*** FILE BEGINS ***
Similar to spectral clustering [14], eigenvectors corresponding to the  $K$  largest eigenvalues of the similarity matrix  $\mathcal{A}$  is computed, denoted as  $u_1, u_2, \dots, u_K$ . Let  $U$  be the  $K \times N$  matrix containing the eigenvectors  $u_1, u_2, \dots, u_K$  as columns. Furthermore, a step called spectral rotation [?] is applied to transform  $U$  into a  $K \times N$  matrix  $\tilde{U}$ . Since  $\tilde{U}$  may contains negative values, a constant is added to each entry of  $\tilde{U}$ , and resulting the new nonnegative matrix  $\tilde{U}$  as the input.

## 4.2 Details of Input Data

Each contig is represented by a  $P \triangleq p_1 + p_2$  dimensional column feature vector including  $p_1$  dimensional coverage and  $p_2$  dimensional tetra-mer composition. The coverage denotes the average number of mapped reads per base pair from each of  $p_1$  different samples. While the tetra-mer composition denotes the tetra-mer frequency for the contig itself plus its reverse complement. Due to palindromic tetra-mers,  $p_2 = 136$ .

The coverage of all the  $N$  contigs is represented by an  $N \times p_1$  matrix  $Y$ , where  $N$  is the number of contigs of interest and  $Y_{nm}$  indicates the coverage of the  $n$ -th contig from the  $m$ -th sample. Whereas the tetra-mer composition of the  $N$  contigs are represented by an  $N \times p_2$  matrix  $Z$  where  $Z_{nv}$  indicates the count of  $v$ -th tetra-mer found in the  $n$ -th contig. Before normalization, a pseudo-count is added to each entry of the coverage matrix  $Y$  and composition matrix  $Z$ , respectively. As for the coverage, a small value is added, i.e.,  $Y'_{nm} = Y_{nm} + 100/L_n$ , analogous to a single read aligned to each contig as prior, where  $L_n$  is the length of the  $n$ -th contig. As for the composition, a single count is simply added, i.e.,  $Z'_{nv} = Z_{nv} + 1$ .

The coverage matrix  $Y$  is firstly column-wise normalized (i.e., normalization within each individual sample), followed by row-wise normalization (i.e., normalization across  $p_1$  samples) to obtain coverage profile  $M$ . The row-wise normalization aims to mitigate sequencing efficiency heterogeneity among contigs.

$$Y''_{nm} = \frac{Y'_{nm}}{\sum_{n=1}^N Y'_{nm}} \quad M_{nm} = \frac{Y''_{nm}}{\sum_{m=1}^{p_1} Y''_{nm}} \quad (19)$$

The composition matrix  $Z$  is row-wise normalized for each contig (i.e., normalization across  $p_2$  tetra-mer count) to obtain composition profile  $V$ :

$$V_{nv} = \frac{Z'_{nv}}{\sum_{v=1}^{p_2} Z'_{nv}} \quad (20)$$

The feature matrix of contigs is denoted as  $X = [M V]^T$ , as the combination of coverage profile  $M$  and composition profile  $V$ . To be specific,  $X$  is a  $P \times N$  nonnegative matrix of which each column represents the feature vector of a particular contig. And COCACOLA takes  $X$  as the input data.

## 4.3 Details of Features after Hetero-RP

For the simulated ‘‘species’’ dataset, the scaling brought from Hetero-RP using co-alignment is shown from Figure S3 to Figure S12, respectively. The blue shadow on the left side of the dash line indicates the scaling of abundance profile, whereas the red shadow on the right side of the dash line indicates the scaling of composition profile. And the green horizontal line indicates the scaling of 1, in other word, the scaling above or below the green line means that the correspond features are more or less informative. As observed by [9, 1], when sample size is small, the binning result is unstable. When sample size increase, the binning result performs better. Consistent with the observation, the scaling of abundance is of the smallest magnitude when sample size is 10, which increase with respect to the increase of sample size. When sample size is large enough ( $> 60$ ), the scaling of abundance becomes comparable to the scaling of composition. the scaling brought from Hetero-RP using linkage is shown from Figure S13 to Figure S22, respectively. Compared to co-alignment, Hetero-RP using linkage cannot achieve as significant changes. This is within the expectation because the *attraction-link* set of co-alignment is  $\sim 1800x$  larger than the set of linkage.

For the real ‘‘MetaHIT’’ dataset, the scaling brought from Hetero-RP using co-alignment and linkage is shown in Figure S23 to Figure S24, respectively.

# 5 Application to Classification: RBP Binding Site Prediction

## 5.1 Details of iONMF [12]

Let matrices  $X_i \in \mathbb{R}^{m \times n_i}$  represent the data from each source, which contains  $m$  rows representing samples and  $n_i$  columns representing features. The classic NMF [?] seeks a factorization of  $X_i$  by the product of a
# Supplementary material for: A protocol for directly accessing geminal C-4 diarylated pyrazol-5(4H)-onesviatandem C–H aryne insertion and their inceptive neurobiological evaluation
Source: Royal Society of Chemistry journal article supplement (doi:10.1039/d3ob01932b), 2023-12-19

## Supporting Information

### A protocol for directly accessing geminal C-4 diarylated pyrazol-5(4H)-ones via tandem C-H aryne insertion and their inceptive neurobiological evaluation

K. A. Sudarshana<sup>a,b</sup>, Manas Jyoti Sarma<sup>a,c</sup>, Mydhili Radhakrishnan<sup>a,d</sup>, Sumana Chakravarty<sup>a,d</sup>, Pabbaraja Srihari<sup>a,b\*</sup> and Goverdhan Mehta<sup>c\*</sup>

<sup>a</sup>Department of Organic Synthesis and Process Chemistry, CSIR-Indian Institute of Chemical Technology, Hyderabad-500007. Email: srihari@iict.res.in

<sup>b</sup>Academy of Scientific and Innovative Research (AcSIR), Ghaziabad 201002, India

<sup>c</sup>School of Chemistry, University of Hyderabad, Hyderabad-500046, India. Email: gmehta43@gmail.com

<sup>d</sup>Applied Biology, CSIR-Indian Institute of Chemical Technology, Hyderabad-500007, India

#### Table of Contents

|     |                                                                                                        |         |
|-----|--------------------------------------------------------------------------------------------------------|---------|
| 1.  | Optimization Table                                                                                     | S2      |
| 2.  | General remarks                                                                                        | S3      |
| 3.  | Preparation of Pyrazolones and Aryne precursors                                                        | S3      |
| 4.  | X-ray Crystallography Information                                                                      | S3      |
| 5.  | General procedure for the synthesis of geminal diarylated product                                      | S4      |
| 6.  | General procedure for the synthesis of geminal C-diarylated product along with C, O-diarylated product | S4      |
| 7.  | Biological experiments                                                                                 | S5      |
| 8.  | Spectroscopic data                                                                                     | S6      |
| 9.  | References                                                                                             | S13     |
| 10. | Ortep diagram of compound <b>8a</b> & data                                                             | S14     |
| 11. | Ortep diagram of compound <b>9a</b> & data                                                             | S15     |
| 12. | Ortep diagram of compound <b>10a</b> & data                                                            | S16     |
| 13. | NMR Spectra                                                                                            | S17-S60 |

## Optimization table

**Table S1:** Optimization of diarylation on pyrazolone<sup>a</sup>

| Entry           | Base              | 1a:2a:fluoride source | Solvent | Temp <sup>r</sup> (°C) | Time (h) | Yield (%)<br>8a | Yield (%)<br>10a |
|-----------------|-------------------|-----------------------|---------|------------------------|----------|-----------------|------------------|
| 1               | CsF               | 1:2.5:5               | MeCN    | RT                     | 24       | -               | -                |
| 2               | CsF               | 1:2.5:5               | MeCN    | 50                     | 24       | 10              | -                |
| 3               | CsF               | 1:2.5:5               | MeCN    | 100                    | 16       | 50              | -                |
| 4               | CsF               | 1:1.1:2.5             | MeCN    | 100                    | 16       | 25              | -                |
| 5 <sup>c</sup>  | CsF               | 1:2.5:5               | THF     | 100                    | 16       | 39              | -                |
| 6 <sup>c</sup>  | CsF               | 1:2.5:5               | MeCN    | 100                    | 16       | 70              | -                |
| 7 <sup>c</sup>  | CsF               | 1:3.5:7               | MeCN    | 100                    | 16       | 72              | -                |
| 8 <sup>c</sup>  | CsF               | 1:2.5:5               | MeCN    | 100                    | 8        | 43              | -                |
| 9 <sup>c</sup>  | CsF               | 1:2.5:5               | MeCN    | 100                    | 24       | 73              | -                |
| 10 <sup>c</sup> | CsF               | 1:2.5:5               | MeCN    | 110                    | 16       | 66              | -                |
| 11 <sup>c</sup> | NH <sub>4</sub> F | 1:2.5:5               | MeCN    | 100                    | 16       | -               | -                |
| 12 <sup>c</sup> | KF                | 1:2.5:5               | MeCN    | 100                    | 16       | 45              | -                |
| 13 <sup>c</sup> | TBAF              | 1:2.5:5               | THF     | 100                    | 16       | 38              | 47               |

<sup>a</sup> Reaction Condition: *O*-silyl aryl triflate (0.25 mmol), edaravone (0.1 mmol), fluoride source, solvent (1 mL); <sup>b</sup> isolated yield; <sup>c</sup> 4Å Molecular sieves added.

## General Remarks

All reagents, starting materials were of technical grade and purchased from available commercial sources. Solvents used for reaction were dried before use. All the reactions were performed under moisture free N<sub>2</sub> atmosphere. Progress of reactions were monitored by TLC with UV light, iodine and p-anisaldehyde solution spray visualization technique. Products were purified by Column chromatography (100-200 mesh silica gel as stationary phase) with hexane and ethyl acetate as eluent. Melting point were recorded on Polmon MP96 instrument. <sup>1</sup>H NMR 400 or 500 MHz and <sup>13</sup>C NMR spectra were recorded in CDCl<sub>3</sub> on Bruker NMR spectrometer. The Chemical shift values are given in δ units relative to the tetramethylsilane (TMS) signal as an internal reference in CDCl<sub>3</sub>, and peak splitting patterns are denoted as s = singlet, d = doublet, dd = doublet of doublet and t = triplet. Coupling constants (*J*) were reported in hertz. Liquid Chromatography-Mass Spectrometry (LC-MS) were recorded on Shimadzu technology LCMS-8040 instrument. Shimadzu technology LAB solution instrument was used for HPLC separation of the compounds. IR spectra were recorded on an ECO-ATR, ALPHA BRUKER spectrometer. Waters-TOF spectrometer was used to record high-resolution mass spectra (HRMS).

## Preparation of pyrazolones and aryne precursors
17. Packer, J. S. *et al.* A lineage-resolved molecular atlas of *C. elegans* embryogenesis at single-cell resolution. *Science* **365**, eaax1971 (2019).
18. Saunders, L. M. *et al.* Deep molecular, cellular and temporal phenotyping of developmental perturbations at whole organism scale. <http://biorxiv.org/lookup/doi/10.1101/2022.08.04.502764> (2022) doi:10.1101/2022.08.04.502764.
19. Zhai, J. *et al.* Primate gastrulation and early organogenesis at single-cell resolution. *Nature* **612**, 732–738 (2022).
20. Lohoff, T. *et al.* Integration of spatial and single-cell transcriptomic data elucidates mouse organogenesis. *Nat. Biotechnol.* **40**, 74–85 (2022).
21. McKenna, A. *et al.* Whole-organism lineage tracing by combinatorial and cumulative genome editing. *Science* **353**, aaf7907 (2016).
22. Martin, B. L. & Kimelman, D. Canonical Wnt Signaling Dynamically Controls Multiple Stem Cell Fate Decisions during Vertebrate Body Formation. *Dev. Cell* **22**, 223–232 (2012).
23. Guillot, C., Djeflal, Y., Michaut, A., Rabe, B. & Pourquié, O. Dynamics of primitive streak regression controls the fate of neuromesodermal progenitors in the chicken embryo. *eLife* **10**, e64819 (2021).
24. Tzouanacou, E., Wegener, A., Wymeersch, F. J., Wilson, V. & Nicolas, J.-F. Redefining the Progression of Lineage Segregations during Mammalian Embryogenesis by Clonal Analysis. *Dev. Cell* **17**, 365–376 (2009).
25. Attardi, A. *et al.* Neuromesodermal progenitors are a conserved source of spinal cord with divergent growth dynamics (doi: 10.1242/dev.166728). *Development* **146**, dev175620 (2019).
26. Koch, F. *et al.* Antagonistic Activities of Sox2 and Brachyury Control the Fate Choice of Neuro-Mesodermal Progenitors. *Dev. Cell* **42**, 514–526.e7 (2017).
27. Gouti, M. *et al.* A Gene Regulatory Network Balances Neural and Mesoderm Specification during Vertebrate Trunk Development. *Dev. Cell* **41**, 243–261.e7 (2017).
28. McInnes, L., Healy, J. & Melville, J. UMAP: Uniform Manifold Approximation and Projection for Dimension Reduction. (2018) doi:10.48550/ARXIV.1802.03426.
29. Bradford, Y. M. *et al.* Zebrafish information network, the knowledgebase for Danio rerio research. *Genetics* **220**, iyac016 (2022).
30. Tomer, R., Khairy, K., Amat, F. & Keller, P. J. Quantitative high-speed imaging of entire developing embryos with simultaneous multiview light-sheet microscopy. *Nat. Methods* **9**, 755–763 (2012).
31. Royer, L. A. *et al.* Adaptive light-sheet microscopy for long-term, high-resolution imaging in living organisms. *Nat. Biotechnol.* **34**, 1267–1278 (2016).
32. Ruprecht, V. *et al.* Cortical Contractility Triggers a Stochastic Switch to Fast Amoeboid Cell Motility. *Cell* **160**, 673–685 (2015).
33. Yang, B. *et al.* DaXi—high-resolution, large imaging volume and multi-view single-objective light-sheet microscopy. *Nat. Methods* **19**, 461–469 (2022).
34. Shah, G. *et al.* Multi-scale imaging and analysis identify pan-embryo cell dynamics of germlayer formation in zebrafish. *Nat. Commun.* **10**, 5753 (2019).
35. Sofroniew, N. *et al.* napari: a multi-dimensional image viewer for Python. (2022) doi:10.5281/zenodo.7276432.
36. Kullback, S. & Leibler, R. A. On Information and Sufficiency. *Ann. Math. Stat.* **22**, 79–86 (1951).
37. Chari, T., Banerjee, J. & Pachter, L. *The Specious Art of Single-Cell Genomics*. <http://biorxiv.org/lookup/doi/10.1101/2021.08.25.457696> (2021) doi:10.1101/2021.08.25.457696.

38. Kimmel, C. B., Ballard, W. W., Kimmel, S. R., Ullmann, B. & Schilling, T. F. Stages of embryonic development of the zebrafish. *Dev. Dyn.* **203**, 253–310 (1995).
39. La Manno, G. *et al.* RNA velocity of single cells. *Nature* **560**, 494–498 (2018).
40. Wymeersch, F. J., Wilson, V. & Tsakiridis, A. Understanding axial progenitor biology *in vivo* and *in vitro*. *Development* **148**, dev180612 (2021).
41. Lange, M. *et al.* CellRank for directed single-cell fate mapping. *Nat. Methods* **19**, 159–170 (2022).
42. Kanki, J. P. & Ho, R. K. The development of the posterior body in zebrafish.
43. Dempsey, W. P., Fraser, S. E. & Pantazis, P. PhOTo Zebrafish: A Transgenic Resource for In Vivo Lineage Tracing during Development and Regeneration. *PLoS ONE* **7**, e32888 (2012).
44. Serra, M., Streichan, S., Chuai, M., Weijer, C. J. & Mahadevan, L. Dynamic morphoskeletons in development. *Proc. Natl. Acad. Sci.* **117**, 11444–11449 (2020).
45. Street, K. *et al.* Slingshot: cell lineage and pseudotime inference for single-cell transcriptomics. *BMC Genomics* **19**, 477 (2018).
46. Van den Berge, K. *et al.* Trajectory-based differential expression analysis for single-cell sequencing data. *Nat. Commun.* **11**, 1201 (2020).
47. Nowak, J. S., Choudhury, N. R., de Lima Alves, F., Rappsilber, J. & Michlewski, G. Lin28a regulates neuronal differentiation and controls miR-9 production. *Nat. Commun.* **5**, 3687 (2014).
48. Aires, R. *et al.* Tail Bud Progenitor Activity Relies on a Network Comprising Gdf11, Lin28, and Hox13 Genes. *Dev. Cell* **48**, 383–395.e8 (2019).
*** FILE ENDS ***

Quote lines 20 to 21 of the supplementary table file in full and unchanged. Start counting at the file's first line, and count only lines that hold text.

K. A. Sudarshana<sup>a,b</sup>, Manas Jyoti Sarma<sup>a,c</sup>, Mydhili Radhakrishnan<sup>a,d</sup>, Sumana Chakravarty<sup>a,d</sup>, Pabbaraja Srihari<sup>a,b\*</sup> and Goverdhan Mehta<sup>c\*</sup>

<sup>a</sup>Department of Organic Synthesis and Process Chemistry, CSIR-Indian Institute of Chemical Technology, Hyderabad-500007. Email: srihari@iict.res.in